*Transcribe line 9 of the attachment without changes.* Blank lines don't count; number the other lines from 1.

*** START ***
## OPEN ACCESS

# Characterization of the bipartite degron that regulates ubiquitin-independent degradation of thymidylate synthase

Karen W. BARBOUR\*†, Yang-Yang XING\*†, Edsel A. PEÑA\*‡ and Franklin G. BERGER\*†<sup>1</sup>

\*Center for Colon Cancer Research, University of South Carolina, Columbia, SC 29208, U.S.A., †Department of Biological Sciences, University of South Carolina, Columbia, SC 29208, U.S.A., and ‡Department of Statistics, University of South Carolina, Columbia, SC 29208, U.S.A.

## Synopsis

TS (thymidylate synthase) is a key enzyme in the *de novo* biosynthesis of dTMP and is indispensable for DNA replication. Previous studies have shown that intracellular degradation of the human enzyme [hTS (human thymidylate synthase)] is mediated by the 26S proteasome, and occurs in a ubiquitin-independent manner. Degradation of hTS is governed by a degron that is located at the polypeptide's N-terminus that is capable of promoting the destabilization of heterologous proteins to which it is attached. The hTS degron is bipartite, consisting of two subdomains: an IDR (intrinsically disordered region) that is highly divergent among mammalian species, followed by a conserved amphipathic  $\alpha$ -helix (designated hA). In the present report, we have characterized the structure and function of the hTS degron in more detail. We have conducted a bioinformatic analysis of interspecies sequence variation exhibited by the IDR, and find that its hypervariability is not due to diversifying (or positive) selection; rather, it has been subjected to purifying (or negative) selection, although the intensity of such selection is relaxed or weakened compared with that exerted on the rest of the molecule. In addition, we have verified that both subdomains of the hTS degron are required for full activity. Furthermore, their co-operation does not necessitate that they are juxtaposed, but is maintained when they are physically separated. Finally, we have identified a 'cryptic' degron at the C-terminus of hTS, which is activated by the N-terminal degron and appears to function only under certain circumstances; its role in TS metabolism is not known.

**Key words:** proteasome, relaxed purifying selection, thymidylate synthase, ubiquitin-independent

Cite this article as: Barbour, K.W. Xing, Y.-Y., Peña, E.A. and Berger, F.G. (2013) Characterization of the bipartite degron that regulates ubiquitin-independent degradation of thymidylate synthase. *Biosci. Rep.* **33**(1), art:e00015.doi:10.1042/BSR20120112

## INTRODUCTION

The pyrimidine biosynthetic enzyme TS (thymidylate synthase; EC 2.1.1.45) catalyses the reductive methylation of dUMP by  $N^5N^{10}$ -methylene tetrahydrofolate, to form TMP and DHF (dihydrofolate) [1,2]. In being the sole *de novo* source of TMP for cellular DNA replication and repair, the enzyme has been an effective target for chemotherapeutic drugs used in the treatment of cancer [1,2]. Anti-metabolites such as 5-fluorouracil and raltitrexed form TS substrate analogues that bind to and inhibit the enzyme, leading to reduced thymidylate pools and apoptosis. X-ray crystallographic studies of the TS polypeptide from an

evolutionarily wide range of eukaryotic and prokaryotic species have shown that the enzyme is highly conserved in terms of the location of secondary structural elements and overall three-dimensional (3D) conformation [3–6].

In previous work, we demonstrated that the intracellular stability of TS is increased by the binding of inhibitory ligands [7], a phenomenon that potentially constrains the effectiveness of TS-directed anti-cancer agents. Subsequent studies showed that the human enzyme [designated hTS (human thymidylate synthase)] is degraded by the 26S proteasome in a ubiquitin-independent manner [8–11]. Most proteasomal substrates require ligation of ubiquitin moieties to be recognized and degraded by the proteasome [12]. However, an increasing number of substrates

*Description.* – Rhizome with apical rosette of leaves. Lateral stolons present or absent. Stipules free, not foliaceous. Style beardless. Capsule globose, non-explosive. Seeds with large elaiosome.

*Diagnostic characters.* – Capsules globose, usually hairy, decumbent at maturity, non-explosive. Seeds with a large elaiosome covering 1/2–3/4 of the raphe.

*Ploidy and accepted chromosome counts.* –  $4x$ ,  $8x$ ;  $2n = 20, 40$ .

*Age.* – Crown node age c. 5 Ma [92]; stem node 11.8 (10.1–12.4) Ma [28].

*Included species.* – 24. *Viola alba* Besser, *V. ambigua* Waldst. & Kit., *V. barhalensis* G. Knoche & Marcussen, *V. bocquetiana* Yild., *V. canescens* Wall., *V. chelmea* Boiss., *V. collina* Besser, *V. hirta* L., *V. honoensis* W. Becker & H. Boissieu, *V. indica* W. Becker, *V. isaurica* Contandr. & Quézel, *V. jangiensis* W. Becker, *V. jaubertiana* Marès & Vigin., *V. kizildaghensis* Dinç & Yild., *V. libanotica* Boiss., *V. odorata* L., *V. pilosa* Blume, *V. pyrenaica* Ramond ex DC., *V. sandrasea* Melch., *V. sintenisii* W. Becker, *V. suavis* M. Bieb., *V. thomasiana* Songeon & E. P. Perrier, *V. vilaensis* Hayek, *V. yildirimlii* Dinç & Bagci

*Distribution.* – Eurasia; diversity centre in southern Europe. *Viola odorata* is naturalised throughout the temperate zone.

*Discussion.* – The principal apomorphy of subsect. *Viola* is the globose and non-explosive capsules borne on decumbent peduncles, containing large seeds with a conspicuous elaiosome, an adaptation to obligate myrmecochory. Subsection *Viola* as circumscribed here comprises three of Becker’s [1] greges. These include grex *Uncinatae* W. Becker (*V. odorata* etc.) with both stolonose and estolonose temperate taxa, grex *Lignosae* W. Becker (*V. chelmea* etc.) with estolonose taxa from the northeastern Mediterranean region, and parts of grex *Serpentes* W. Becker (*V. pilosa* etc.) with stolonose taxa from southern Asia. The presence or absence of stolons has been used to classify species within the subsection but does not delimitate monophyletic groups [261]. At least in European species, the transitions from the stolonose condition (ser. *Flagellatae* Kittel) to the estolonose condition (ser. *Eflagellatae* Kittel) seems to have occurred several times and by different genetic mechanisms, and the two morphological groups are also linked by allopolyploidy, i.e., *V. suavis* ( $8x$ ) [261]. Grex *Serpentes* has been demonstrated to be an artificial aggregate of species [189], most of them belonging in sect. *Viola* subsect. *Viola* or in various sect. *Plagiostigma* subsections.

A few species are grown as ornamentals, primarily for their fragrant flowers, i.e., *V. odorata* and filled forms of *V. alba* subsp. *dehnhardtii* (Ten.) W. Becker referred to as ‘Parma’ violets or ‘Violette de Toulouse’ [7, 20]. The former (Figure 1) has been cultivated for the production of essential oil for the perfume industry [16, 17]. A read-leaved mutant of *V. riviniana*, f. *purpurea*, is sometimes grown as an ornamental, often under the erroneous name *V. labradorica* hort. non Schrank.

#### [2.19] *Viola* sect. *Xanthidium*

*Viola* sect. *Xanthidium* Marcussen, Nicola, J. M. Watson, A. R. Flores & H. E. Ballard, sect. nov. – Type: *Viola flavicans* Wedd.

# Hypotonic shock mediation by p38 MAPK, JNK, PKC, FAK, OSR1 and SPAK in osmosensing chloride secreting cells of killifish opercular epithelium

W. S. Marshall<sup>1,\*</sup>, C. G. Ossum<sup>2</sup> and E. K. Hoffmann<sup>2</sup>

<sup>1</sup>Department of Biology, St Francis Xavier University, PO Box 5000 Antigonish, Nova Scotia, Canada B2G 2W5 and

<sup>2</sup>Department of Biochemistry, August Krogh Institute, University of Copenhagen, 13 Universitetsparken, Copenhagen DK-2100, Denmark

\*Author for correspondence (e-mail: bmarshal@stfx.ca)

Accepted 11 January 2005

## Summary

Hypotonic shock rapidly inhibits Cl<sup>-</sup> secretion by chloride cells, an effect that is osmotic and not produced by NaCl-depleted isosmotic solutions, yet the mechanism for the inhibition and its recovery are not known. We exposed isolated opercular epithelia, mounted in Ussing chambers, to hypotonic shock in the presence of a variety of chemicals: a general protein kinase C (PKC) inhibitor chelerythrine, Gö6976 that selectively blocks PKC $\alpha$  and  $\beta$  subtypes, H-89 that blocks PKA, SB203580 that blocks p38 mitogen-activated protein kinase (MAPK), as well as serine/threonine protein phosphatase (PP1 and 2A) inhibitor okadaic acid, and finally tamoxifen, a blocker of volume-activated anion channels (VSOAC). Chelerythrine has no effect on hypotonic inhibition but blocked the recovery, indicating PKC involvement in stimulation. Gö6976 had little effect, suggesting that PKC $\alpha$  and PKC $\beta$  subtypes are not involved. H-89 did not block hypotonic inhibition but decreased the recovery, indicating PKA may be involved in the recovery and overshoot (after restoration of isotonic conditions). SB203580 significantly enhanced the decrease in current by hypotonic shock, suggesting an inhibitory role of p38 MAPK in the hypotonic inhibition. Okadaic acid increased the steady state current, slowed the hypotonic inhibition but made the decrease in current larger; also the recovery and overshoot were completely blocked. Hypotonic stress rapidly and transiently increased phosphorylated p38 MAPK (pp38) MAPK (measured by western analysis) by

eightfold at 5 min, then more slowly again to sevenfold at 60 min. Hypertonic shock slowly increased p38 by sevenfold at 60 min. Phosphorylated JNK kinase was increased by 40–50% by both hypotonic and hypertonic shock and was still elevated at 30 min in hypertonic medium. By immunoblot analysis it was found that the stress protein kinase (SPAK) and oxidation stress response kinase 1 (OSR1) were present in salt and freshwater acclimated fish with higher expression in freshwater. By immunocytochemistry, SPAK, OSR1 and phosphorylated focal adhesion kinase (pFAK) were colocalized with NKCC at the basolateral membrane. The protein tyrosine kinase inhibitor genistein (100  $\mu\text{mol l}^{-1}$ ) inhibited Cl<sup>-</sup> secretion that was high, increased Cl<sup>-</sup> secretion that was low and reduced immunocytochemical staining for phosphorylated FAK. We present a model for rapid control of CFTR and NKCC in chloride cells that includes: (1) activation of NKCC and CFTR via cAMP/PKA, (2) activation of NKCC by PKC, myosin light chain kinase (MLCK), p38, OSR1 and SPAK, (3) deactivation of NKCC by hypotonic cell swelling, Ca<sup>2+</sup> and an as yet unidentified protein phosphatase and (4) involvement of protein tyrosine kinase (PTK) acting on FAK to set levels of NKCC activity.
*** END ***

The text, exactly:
## INTRODUCTION